The tower, of five stages, which stood on the north side of the church, was said to owe its peculiar character to the builder, who improved on Wren's design ; it was taken down in 1876, in order to widen Upper Thames Street. A new tower and vestry were built on the south side of the church, the interior was entirely renewed, and the church was reopened, October 18, 1877. The old church, destroyed in the Great Fire, was also known as “Allhallows-in-the-Ropery,” from the ropes made and sold near thereunto at Hay Wharf, and in the High Street. The interior is remarkable for a carved oak screen, extending across the whole width of the church; manufactured, it is said, at Hamburg, and presented to the church by the Hanse merchants in memory of the former connection which existed between them and this country. No mention of the date of presentation appears in the parish books. (See Steelyard.] Pepys speaks of Allhallows the Great as one of the first
churches that set up the King's Arms before the Restoration, while Monk and Montagu were as yet undecided. Edward Strong, Bishop of Chichester, 1477, who erected Chichester Cross, was rector. So also were George Day, Bishop of Chichester, 1543 ; Thomas White, Bishop of Peterborough, 1685; William Cave (d. 1713), the learned author of the Lives of the Fathers, and William Vincent (d. 1815), the famed master of Westminster School. Theodore Jacobsen (d. 1772), to whom is attributed the plan of the Foundling Hospital, is buried in this church. The Jacobsens, at the time of the Great Fire, possessed considerable property in the neighbourhood of the Steelyard. The church serves as well for Allhallows the Less, and the right of presentation to the rectory of both parishes belongs to the Archbishop of Canterbury.
About the beginning of April, 1553, Knox returned to London. In February preceding Archbishop Cranmer had been desired by the Council to present him to the vacant living of Allhallows, in that city, which Knox declined. —M'Crie, Life of John Knox.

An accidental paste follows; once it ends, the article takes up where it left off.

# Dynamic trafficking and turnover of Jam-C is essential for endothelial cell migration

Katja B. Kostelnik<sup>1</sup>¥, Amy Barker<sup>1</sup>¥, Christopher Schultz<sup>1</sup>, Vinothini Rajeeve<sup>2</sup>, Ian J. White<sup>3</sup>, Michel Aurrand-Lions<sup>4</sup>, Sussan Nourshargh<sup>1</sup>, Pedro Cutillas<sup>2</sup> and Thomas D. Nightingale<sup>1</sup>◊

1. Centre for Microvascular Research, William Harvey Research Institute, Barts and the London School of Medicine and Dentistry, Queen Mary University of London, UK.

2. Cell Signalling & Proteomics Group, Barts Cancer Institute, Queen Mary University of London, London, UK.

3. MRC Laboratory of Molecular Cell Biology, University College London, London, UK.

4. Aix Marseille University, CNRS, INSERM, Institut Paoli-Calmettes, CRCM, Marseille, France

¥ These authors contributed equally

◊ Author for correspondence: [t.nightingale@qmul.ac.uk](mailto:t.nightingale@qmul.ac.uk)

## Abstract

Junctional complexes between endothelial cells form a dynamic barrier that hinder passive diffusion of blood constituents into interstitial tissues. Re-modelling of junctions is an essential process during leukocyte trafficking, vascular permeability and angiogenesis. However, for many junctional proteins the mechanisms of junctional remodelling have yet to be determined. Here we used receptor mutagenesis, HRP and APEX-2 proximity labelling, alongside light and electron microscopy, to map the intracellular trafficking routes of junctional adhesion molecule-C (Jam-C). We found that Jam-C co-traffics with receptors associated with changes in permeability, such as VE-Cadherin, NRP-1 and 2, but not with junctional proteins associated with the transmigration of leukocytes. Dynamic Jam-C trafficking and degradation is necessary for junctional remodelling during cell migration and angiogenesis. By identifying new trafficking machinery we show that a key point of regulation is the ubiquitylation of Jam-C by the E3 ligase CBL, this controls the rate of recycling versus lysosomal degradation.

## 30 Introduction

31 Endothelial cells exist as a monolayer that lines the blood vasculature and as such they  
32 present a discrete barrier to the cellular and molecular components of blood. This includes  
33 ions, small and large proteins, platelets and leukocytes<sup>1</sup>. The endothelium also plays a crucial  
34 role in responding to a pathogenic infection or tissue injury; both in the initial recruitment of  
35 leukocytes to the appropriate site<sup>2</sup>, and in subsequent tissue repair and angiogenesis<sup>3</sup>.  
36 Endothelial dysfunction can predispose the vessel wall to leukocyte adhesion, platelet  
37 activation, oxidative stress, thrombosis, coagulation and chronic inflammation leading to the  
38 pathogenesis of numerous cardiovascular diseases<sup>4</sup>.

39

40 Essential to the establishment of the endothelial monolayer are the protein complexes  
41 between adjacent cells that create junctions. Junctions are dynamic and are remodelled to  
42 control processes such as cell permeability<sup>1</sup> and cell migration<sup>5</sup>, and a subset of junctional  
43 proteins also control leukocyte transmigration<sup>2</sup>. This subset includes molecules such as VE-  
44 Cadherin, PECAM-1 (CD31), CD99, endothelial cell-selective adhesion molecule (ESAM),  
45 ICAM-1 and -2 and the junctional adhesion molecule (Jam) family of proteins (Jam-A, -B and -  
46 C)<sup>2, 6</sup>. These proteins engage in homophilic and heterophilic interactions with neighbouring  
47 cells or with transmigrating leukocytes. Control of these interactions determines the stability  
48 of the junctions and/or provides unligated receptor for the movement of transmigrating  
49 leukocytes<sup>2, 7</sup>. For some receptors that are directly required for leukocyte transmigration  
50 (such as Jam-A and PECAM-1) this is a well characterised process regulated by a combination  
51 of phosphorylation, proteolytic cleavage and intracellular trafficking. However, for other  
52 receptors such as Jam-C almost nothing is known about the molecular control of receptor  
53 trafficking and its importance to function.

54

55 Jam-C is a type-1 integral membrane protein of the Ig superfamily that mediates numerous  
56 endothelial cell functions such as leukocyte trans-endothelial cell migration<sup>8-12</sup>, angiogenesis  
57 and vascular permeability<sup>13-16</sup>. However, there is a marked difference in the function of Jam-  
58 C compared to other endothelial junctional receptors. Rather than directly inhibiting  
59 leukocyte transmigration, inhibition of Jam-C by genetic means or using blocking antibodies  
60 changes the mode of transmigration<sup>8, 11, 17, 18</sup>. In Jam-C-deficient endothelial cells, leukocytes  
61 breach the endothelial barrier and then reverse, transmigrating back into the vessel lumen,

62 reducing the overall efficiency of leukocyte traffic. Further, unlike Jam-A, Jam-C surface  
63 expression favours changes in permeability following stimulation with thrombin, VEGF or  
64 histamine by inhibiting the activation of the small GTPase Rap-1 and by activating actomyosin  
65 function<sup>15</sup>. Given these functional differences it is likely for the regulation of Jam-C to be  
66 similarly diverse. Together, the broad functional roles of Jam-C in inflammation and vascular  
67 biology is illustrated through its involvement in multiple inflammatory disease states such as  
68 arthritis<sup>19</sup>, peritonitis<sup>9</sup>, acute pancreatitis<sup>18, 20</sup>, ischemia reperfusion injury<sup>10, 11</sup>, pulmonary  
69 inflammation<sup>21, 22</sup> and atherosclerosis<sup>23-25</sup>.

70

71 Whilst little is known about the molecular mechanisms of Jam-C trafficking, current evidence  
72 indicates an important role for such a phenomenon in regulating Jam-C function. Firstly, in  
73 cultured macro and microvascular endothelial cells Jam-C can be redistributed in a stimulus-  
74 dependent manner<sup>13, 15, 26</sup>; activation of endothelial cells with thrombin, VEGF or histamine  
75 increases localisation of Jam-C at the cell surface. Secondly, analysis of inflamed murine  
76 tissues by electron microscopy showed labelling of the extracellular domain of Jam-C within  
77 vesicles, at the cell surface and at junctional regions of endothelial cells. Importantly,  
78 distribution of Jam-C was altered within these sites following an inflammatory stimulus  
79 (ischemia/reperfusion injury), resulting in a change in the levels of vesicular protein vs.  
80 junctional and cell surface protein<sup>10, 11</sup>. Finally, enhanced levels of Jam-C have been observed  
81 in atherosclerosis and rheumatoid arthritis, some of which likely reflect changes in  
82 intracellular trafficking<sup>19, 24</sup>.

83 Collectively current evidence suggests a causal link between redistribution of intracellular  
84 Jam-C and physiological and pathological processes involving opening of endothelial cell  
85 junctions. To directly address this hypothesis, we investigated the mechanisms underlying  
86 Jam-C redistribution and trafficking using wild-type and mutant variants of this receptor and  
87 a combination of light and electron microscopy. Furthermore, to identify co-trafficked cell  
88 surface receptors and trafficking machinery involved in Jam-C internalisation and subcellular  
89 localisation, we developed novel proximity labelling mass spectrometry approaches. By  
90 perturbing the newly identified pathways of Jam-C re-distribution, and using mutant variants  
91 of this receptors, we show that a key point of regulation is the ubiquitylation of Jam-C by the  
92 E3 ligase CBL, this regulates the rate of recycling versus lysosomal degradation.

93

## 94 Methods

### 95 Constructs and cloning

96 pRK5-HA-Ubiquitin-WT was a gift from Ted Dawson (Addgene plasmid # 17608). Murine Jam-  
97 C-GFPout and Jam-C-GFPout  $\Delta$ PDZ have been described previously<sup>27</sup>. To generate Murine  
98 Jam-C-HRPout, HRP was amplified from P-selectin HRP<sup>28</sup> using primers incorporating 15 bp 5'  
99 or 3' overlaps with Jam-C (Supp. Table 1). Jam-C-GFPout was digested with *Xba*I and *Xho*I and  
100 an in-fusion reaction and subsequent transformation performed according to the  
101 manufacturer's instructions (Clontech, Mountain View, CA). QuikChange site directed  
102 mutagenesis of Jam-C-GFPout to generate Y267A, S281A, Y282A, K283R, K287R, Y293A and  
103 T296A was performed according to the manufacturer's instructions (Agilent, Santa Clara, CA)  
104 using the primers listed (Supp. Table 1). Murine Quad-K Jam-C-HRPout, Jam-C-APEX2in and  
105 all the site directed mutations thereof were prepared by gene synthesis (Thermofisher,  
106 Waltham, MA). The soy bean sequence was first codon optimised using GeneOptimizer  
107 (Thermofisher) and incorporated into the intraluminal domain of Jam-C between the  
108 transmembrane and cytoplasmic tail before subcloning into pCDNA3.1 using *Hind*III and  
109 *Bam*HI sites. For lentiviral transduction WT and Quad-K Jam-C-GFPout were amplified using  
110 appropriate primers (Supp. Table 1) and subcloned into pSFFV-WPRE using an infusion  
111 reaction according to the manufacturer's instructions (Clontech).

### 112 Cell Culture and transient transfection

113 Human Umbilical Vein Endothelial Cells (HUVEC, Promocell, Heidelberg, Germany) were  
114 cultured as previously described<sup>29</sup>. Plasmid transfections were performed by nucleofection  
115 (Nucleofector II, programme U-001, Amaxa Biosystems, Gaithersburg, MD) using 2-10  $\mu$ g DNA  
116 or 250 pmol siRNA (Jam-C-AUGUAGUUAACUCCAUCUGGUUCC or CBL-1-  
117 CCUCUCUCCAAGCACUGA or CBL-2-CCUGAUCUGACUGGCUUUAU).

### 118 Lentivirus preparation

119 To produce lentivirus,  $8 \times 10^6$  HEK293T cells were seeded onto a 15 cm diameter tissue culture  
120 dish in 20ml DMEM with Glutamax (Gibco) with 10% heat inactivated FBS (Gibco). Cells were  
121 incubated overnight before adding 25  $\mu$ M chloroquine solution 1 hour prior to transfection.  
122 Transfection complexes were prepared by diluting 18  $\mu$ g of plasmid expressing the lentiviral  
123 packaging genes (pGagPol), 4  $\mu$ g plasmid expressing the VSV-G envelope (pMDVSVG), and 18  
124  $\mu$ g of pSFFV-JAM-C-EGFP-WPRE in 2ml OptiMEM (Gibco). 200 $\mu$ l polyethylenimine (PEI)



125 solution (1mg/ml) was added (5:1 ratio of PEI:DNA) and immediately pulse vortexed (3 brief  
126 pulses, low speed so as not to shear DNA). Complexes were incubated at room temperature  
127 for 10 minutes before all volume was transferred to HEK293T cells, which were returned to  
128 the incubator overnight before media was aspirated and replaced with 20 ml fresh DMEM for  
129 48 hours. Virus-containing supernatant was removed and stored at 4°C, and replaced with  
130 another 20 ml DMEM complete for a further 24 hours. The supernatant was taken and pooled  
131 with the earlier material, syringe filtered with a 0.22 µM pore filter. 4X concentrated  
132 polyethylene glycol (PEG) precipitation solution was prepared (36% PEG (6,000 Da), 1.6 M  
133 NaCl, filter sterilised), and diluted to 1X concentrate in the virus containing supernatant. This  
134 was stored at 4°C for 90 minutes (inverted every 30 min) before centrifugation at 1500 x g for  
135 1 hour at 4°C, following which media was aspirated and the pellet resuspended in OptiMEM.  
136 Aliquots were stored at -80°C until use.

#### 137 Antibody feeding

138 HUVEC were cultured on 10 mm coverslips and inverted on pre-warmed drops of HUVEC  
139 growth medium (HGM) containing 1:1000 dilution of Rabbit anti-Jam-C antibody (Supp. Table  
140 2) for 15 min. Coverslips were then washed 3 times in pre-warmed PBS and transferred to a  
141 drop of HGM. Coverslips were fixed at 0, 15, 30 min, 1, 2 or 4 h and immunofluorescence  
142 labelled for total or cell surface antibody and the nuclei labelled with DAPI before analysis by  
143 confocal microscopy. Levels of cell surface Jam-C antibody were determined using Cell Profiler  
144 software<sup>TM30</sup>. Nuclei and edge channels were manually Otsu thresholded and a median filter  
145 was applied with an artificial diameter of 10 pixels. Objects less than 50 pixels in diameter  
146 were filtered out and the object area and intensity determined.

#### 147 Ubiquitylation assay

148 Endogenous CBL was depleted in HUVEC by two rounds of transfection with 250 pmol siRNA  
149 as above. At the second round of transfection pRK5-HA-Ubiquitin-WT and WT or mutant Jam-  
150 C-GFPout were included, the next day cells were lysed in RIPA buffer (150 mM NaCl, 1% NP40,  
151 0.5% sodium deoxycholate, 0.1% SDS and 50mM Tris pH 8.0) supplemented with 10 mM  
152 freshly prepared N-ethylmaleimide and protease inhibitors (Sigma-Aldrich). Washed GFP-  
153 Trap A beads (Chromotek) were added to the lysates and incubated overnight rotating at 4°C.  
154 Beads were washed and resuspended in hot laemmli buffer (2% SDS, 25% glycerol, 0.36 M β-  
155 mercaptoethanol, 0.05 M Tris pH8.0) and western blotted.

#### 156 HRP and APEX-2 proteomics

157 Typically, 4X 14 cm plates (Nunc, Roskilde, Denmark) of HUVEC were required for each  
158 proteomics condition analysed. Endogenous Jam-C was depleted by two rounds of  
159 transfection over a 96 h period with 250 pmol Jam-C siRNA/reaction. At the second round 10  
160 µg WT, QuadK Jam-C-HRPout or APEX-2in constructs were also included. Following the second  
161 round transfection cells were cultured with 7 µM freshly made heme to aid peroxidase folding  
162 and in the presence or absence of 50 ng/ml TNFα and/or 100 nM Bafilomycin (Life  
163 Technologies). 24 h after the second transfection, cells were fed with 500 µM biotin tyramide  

Allhallows the Less, or, ALLHALLOWS ON THE CELLARS, in UPPER THAMES STREET ; a church in Dowgate Ward, destroyed in the Great Fire, and not rebuilt. It was called “the Less” to distinguish it from the foregoing, which was close beside it; and “on the Cellars," from the vaults or arches on which it stood.
The steeple and choir of this church standeth on an arched gate, being the entry to a great house called Coldharbrough.–Stow, p. 88.
The churchyard is on the south side of Thames Street. The church of the parish is Allhallows the Great, above mentioned.
Allhallows, HONEY LANE, a small parish church in the ward of Cheap, destroyed in the Great Fire, and not rebuilt, but united to St. Mary-le-Bow. It stood at the east end of the site of Honey Lane Market, “near the place where the Standard in Cheapside stood.”De Laune, ed. 1690, p. 28.
I find that John Norman, draper, Mayor 1453, was buried there. . . This John Norman was the first Mayor that was rowed to Westminster by water, for before that they rode on horseback.–Stow, pp. 102, 192.
Thomas Garret, the Martyr (1540), was curate of this church. Foxe, vol. v. p. 427. In 1528, when Garret escaped from Oxford, Dr. John London, Warden of New College, wrote to Archbishop Wareham, “The Commissary being in extreme pensiveness, knew no other remedy but this extraordinary, and caused a figure to be made by one expert in astronomy; and his judgment doth continually persist upon this, that he fled in tawny coat south-eastward, and is in the middle of London, and will shortly to the sea-side. He was curate to the parson of Honey Lane. It is likely he is privily cloaked there.” The “parson of Honey Lane” was Dr. Norman, who had himself been in trouble for heresy.1 Allhallows, LOMBARD STREET, or ALLHALLOWS GRASS CHURCH,
I Froude, vol. i. p. 63.
a church situated in Ball Alley, with the entrance from Lombard Street, in Langbourne Ward. It was destroyed in the Great Fire of 1666, and rebuilt by Sir C. Wren, in a plain and unpretending style, in, 1694. It cost £8058; and is 641 feet long, 52) wide, and 36 high, with a square tower 105 feet high to the top of the balustrade. Restored 1870 at a great cost. Reopened January 1871. It is united with St. Benet's, Gracechurch Street, and St. Leonard's, Eastcheap, sometimes known as Forechurch, as distinguished from St. Dionis, which is styled Backchurch. The right of presentation belongs to the Dean and Chapter of Canterbury. Alexander Barclay, author of The Ship of Fools (d. August 24, 1552), rector of Allhallows, Lombard Street. Here is a monument to Dr. Edward Tyson (d. 1708), the Carus of Garth's Dispensary. On Good Friday about sixty of the younger boys of Christ's Hospital attend at this church, and after the service receive each a new penny and a small packet of almonds and raisins, the bequest of Peter Symonds in the 16th century; from the same fund the rector receives a guinea for preaching the sermon.